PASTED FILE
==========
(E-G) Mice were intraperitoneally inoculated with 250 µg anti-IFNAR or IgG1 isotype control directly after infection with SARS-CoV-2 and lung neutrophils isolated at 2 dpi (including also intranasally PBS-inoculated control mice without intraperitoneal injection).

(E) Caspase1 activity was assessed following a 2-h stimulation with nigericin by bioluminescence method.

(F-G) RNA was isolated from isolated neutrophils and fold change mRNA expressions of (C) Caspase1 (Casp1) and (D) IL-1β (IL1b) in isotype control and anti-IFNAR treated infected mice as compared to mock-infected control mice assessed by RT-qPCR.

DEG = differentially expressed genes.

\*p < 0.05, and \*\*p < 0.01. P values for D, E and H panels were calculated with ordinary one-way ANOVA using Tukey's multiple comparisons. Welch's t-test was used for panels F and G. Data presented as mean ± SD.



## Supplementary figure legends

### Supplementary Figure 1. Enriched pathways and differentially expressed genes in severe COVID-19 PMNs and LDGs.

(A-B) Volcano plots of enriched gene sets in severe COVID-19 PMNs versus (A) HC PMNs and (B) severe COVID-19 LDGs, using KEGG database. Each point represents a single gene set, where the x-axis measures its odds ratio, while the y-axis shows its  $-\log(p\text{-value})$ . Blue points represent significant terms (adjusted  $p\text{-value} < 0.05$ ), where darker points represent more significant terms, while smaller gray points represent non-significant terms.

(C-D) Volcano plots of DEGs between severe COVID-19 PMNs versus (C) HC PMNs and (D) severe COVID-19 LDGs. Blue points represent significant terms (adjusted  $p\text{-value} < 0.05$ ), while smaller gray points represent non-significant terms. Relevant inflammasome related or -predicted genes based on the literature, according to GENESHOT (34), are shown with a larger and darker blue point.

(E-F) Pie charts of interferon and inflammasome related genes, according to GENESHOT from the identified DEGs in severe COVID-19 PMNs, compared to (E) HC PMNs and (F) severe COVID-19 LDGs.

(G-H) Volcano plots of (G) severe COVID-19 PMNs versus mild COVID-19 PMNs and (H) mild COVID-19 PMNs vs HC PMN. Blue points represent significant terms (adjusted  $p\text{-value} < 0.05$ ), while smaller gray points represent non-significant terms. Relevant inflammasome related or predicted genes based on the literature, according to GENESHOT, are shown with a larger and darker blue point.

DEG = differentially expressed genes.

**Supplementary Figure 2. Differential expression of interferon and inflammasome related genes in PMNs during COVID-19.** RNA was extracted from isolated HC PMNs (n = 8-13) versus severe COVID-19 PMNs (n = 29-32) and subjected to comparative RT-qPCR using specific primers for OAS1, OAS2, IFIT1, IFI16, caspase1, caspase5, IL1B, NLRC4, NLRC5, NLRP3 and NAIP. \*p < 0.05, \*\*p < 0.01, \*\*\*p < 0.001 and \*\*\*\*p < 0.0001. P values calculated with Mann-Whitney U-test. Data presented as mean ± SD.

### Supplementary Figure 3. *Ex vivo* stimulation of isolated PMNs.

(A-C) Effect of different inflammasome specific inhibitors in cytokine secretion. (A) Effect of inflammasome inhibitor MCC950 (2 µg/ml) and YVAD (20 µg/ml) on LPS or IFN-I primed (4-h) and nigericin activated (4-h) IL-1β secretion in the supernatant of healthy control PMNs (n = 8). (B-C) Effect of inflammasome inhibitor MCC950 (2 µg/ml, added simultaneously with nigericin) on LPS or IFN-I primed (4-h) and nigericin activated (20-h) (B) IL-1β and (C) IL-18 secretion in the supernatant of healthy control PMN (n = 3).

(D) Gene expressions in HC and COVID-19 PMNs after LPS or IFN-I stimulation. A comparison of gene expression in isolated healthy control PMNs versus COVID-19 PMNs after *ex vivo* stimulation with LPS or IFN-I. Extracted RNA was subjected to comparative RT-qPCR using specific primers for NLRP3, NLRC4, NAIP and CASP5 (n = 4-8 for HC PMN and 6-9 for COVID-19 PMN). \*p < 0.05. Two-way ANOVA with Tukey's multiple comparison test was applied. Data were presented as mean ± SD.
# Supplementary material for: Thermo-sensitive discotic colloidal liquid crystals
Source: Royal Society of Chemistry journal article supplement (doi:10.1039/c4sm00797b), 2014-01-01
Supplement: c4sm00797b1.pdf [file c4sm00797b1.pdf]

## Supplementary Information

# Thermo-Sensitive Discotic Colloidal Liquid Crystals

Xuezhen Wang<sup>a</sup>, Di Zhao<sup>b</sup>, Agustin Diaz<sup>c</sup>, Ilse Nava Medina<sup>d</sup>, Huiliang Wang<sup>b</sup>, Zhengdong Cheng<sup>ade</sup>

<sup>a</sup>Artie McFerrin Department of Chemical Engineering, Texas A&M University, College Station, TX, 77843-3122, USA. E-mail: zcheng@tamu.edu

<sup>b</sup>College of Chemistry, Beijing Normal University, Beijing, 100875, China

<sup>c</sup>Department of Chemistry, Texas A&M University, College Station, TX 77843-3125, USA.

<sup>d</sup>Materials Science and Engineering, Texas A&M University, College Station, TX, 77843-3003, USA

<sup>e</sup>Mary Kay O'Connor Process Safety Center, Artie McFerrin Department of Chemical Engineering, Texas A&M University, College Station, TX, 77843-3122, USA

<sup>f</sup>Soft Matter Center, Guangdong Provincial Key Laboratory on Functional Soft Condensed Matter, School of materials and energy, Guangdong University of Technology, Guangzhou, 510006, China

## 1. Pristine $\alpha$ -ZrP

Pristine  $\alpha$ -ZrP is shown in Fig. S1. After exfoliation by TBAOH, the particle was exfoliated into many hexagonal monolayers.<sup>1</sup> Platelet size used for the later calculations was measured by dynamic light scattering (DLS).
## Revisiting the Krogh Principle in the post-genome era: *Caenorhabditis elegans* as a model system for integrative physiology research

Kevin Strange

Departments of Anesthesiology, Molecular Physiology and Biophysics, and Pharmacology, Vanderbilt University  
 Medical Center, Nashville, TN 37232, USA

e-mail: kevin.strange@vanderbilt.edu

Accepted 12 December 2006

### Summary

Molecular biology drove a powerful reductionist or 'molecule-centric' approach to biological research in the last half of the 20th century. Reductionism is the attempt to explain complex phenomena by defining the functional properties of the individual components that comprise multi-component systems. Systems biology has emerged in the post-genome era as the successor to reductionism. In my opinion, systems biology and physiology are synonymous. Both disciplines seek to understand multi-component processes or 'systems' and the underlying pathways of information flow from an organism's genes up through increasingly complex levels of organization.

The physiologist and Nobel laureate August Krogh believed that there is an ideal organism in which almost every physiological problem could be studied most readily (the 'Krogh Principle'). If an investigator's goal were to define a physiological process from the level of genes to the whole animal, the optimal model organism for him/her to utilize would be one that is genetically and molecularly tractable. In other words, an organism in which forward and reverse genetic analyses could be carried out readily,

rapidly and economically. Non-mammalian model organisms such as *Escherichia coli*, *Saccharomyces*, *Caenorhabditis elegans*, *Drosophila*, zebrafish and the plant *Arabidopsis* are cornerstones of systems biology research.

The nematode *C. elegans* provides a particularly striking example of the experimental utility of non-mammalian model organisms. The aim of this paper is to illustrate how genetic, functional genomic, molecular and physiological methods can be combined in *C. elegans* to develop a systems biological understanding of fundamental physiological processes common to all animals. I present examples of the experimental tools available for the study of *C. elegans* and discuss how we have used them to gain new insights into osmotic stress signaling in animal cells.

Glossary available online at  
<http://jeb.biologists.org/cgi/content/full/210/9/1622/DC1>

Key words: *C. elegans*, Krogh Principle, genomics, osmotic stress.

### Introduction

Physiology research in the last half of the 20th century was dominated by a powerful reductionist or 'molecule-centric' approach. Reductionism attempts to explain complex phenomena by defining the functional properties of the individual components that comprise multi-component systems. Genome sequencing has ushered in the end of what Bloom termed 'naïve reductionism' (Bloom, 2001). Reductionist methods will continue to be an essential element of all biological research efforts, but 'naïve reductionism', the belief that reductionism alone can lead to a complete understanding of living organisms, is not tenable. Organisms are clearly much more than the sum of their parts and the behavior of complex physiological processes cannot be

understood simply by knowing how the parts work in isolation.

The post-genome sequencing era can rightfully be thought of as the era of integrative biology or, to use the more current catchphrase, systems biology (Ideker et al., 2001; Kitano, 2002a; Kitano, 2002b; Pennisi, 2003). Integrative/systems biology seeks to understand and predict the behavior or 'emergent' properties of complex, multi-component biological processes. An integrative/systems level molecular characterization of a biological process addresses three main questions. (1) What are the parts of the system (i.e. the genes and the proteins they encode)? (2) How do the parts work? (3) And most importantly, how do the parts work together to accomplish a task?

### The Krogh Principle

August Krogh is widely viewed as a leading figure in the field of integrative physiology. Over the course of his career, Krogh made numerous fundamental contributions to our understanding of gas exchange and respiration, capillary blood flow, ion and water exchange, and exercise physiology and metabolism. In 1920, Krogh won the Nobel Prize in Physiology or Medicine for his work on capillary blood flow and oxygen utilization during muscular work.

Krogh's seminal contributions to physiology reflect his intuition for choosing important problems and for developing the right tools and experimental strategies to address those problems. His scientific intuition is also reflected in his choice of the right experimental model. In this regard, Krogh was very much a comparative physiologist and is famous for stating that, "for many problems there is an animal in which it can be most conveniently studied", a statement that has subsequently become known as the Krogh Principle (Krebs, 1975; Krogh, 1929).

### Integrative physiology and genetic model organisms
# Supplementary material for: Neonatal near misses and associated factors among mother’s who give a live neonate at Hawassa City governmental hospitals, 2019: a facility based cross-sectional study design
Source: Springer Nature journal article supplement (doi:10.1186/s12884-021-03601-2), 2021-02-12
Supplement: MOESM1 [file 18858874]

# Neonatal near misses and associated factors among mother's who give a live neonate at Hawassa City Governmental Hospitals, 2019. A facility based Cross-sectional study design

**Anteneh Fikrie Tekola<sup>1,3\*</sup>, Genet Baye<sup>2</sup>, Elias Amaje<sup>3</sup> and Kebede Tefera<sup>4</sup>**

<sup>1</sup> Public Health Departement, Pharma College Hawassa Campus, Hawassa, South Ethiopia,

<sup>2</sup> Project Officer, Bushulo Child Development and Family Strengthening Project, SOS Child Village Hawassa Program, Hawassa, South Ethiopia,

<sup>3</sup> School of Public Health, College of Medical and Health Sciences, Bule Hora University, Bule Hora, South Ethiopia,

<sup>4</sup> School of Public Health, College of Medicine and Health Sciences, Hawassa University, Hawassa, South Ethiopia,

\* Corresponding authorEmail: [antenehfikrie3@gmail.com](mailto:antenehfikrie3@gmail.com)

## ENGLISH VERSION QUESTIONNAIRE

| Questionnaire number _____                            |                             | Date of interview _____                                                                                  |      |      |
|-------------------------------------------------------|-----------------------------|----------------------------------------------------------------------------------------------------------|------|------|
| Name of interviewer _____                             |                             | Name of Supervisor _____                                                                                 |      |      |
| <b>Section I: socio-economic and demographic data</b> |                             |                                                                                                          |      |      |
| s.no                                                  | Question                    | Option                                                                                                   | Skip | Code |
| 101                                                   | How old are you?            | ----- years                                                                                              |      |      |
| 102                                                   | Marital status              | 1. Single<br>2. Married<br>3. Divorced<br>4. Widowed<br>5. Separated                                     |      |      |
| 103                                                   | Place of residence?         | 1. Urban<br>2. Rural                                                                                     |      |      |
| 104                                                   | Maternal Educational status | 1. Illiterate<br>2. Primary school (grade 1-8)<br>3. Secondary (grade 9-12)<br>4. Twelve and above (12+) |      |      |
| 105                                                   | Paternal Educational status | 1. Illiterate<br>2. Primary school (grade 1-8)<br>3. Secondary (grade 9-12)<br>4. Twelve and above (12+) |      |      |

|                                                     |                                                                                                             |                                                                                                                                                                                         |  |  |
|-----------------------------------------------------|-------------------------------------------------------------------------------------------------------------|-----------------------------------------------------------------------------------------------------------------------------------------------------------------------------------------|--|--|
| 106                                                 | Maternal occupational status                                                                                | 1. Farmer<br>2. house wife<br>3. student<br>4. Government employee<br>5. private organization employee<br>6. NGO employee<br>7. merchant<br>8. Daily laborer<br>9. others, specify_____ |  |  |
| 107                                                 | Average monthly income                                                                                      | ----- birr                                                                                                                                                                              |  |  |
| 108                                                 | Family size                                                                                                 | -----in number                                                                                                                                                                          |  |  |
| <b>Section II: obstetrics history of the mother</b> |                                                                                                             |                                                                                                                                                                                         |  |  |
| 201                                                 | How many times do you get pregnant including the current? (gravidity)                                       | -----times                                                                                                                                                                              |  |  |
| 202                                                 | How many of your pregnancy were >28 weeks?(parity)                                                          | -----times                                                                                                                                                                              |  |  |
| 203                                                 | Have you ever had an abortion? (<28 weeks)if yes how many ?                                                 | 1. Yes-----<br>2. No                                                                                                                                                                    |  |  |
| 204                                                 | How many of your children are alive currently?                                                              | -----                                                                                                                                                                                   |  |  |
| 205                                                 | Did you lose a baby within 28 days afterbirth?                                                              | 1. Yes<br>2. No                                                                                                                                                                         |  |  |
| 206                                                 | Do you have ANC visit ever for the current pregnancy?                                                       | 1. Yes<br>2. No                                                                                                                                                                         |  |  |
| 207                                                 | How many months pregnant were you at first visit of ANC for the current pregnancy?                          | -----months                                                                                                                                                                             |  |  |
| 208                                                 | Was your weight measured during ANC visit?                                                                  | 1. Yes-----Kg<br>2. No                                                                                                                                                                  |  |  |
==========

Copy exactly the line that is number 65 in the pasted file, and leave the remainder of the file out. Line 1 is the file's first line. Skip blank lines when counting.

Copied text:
|-------------------------------------------------------|-----------------------------|----------------------------------------------------------------------------------------------------------|------|------|